A recent post about Bob Metcalfe’s FOCACA proposal led to some comment discussion. What does it take to produce innovation, in renewable energy, or the Internet (or more likely in both interacting)?
Let’s ask John Robb, the military stategist:
Here’s how. Warfare in our current complex environment (as opposed to the last century and earlier) is very similar to the areas of science/finance where stochastic processes dominate. Since stochastic dominance implies a high level of randomness in outcomes, tinkering networks (ie. open source insurgencies) tend to generate substantially higher returns on effort than highly planned activities (ie. nation-building).
Stochastic tinkerers and warfare, John Robb, Global Guerillas, Monday, 01 January 2007
Hm, that’s almost like the bazaar instead of the cathedral.
Very like, in that Robb is quite familiar with Eric S. Raymond’s Bazaar thesis, and often alludes to it and other open source ideas. And while there are various problems with esr’s CatB, even its detractors’ main complaint is that open source isn’t really new, it’s "just another form of a scientific community" and a continuation of earlier projects such as the GNU project that originated at MIT. And earlier projects such as the BSD Unix project at UCB. And earlier projects such as the ARPANET, which was much more organized by the inmates of the asylum than most people seem to realize. In other words, open source is a direct descendant of the kind of university-centered research that Metcalfe proposes to promote.
So why is this better than top-down corporate product development or government nation-building-style programs?
The reason is that if you can’t plan outcomes due to randomness, the optimal approach to success is through parallel development efforts using a wide variety of methods in combination with a network that readily embraces unexpected but very useful innovations. In contrast, highly planned efforts tend to limit the number of methods/paths used and are resistant to errant results due to bureaucratic inertia/bias.
Finally, these tinkering networks can occasionally produce black swans, or radical breakthroughs. In the context of warfare this is either an event or improvement in method that changes the course of the war. Question: are we, or can you ever imagine us being, in the business of producing black swans in warfare?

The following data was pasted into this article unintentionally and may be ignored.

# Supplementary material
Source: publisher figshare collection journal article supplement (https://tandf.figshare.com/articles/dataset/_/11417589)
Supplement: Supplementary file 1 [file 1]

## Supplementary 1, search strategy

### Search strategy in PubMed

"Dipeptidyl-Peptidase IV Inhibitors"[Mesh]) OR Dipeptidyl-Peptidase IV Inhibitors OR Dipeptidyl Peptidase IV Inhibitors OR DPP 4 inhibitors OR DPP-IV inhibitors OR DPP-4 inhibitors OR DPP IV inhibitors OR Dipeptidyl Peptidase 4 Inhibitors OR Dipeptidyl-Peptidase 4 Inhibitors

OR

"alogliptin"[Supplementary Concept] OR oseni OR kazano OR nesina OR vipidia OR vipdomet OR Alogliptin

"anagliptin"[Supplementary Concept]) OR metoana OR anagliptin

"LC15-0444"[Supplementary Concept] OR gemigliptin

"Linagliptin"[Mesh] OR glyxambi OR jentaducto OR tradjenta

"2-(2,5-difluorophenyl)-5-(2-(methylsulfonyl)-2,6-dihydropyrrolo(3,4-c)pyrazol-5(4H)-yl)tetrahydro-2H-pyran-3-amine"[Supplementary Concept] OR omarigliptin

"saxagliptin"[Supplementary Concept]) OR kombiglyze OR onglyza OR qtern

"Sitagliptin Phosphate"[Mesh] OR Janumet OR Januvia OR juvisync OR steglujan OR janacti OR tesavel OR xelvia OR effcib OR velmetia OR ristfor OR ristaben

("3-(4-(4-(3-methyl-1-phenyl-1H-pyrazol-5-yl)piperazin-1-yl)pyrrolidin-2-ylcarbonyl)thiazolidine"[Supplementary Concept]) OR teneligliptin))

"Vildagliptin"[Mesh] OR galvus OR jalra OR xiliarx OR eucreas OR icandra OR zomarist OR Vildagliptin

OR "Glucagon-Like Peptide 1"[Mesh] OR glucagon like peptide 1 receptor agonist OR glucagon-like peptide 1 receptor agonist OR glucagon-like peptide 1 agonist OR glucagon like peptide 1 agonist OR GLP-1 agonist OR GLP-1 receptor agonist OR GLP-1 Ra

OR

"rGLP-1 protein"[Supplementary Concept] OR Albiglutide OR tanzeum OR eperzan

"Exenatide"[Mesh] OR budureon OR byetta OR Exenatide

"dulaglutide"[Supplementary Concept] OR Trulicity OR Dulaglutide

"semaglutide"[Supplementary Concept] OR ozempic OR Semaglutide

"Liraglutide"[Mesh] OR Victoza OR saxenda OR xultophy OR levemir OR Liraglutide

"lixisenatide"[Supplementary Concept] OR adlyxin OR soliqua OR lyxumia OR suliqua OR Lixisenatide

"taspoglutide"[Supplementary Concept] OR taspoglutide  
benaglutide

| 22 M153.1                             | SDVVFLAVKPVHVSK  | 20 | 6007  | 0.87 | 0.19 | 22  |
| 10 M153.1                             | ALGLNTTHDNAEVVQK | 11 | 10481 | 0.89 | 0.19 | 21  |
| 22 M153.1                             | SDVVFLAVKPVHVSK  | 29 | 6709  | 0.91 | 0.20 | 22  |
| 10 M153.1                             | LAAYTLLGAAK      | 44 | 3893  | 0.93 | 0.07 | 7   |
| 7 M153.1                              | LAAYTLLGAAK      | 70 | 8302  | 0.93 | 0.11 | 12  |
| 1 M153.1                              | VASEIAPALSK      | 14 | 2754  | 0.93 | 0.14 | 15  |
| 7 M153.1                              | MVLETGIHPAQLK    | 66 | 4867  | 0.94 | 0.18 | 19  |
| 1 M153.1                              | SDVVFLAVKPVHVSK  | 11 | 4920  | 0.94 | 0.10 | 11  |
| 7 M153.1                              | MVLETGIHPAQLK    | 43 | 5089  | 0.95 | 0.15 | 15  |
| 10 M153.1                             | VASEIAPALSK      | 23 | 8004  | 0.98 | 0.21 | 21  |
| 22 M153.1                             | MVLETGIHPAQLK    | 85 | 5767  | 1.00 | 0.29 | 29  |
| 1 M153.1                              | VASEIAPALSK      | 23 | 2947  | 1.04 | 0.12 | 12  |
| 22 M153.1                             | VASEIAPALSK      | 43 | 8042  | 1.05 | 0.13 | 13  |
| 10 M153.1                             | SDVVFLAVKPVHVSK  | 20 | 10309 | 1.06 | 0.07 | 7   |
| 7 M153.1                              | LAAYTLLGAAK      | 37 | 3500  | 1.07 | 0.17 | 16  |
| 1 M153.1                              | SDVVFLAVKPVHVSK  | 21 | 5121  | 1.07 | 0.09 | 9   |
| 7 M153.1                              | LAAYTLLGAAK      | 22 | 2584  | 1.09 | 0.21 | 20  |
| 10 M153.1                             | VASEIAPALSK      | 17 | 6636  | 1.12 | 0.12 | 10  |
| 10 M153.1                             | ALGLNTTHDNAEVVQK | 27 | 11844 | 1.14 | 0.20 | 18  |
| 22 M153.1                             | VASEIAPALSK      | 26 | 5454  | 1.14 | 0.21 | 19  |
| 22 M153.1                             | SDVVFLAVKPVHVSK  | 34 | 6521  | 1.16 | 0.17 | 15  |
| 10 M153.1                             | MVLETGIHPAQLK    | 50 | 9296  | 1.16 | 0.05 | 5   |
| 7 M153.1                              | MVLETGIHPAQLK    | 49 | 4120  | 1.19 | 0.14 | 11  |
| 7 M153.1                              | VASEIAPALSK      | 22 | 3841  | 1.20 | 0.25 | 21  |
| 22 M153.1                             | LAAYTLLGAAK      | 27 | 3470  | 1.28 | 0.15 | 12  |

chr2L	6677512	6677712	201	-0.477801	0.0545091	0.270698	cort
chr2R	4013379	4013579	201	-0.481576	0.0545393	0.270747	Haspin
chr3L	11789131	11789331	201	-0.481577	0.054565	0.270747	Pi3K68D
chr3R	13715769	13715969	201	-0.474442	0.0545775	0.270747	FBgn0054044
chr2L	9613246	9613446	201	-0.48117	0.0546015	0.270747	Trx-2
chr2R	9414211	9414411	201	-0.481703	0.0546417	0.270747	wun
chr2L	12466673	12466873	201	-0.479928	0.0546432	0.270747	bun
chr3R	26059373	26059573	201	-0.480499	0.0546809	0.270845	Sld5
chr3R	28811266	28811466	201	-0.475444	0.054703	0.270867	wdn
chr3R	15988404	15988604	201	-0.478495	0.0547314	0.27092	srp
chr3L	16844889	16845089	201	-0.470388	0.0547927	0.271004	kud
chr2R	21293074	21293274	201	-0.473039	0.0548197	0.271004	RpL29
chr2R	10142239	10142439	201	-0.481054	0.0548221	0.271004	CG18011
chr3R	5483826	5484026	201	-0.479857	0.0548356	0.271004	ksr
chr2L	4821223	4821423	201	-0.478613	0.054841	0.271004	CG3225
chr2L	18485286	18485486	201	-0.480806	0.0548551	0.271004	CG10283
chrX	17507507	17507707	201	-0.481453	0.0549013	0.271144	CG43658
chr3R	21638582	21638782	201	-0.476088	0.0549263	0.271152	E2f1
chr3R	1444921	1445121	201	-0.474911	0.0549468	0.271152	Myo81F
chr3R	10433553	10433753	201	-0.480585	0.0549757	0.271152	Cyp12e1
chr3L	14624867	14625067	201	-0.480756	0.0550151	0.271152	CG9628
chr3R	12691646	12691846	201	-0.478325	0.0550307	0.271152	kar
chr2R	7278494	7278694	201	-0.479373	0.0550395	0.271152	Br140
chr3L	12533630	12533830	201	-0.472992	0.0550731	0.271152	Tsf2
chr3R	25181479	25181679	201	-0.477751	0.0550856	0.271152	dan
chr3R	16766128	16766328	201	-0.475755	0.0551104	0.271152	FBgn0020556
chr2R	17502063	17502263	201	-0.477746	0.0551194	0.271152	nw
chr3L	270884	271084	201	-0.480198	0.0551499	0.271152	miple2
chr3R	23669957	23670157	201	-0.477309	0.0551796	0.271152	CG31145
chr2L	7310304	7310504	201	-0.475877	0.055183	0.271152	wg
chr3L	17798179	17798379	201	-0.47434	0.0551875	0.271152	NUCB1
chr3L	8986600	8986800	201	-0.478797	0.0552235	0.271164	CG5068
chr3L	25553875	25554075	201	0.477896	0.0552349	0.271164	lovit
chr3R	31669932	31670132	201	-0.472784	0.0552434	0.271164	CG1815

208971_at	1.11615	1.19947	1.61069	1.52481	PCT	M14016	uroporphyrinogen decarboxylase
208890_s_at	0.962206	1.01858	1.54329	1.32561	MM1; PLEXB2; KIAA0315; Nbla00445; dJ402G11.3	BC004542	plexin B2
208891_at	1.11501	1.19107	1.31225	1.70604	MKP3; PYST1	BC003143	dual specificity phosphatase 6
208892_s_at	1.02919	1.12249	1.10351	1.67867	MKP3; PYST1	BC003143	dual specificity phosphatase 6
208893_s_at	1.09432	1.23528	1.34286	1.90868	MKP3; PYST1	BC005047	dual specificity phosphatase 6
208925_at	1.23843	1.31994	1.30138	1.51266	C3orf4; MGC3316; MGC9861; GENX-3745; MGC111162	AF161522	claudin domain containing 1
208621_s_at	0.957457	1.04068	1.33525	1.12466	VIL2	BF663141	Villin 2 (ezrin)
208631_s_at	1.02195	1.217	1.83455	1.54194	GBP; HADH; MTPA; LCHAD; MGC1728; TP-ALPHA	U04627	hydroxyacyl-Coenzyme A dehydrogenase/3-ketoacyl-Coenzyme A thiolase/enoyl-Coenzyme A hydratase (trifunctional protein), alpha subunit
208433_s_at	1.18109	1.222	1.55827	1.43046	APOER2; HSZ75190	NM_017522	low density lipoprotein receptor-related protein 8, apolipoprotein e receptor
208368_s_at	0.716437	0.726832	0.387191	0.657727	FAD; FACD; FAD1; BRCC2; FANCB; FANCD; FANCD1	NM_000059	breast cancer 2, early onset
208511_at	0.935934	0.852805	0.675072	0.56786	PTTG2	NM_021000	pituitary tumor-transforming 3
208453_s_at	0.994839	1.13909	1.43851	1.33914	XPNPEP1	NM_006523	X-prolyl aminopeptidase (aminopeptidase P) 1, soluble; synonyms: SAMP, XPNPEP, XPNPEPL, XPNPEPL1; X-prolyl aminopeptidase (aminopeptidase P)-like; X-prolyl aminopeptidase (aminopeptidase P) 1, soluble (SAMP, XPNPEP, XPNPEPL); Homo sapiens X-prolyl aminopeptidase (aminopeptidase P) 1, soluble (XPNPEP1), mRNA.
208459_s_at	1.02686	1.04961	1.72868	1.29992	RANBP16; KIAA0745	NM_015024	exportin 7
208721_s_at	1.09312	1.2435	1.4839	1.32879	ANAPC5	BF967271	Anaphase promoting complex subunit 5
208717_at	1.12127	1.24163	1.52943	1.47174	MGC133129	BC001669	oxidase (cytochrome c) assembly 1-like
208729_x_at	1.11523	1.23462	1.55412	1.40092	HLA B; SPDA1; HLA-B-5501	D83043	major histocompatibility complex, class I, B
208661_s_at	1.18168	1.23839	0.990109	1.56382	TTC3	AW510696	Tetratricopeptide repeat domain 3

As Robb well knows, we have been in that business, due to for example his hero John R. Boyd. But not so much anymore.
And nevermind the military for the moment. What if we were in the business of producing black swans in the Internet or in renewable energy? We certainly have done that in the Internet and its predecessors: electronic mail on the ARPANET, UUCP, FidoNet, USENET, anonymous FTP, archie, WAIS, gopher, WWW, Yahoo!, P2P filesharing, google, YouTube, etc.; the list goes on for a long time. Some we still use; others led to newer ideas. (Compared to X.25, ISDN, and X.400, the great telco innovations; remember any of those?)
Call it FOCACA; call it open source; call it tinkering networks. Whatever you call it; it works, and it’s good risk management. Better than monoculture, oligopoly, or the "free" market as far as producing innovation.
So, imagine such a process of innovation applied to renewable energy, with sufficient money to fuel it, and with the company-building apparatus that built many computing and Internet companies available to ramp up successful results to cross the chasm and go mass market. That’s what I think Bob Metcalfe is proposing.
Who knows? Such a process might even reduce the need for oil wars and thus solve Robb’s military question indirectly.